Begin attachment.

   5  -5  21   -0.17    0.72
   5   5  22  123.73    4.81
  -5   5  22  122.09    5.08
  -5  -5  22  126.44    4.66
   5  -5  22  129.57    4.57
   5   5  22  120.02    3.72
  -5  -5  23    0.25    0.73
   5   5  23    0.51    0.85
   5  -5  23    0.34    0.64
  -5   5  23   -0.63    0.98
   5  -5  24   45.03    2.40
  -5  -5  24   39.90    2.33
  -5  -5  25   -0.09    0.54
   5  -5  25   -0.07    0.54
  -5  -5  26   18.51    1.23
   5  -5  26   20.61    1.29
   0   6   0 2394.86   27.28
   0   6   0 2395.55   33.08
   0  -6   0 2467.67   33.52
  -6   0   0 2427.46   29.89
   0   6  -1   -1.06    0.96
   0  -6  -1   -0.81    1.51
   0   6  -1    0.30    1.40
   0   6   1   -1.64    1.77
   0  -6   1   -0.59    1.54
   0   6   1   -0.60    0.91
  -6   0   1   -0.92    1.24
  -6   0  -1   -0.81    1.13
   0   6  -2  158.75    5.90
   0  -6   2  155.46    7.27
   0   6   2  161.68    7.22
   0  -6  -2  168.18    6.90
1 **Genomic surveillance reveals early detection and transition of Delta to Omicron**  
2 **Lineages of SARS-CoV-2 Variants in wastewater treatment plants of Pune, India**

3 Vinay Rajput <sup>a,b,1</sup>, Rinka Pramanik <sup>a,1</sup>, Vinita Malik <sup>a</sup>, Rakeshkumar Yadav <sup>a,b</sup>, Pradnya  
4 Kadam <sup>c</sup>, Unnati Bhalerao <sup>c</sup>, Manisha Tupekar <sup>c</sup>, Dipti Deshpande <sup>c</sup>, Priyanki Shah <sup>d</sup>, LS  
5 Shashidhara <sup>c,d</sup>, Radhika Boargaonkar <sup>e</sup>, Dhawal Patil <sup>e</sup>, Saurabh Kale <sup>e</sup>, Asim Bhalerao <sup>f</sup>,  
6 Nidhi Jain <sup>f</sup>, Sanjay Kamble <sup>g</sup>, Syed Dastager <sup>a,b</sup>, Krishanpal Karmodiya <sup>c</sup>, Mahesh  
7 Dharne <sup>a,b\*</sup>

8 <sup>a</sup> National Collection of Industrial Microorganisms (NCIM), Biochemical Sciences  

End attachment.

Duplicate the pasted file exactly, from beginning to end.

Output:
   5  -5  21   -0.17    0.72
   5   5  22  123.73    4.81
  -5   5  22  122.09    5.08
  -5  -5  22  126.44    4.66
   5  -5  22  129.57    4.57
   5   5  22  120.02    3.72
  -5  -5  23    0.25    0.73
   5   5  23    0.51    0.85
   5  -5  23    0.34    0.64
  -5   5  23   -0.63    0.98
   5  -5  24   45.03    2.40
  -5  -5  24   39.90    2.33
  -5  -5  25   -0.09    0.54
   5  -5  25   -0.07    0.54
  -5  -5  26   18.51    1.23
   5  -5  26   20.61    1.29
   0   6   0 2394.86   27.28
   0   6   0 2395.55   33.08
   0  -6   0 2467.67   33.52
  -6   0   0 2427.46   29.89
   0   6  -1   -1.06    0.96
   0  -6  -1   -0.81    1.51
   0   6  -1    0.30    1.40
   0   6   1   -1.64    1.77
   0  -6   1   -0.59    1.54
   0   6   1   -0.60    0.91
  -6   0   1   -0.92    1.24
  -6   0  -1   -0.81    1.13
   0   6  -2  158.75    5.90
   0  -6   2  155.46    7.27
   0   6   2  161.68    7.22
   0  -6  -2  168.18    6.90
1 **Genomic surveillance reveals early detection and transition of Delta to Omicron**  
2 **Lineages of SARS-CoV-2 Variants in wastewater treatment plants of Pune, India**

3 Vinay Rajput <sup>a,b,1</sup>, Rinka Pramanik <sup>a,1</sup>, Vinita Malik <sup>a</sup>, Rakeshkumar Yadav <sup>a,b</sup>, Pradnya  
4 Kadam <sup>c</sup>, Unnati Bhalerao <sup>c</sup>, Manisha Tupekar <sup>c</sup>, Dipti Deshpande <sup>c</sup>, Priyanki Shah <sup>d</sup>, LS  
5 Shashidhara <sup>c,d</sup>, Radhika Boargaonkar <sup>e</sup>, Dhawal Patil <sup>e</sup>, Saurabh Kale <sup>e</sup>, Asim Bhalerao <sup>f</sup>,  
6 Nidhi Jain <sup>f</sup>, Sanjay Kamble <sup>g</sup>, Syed Dastager <sup>a,b</sup>, Krishanpal Karmodiya <sup>c</sup>, Mahesh  
7 Dharne <sup>a,b\*</sup>

8 <sup>a</sup> National Collection of Industrial Microorganisms (NCIM), Biochemical Sciences  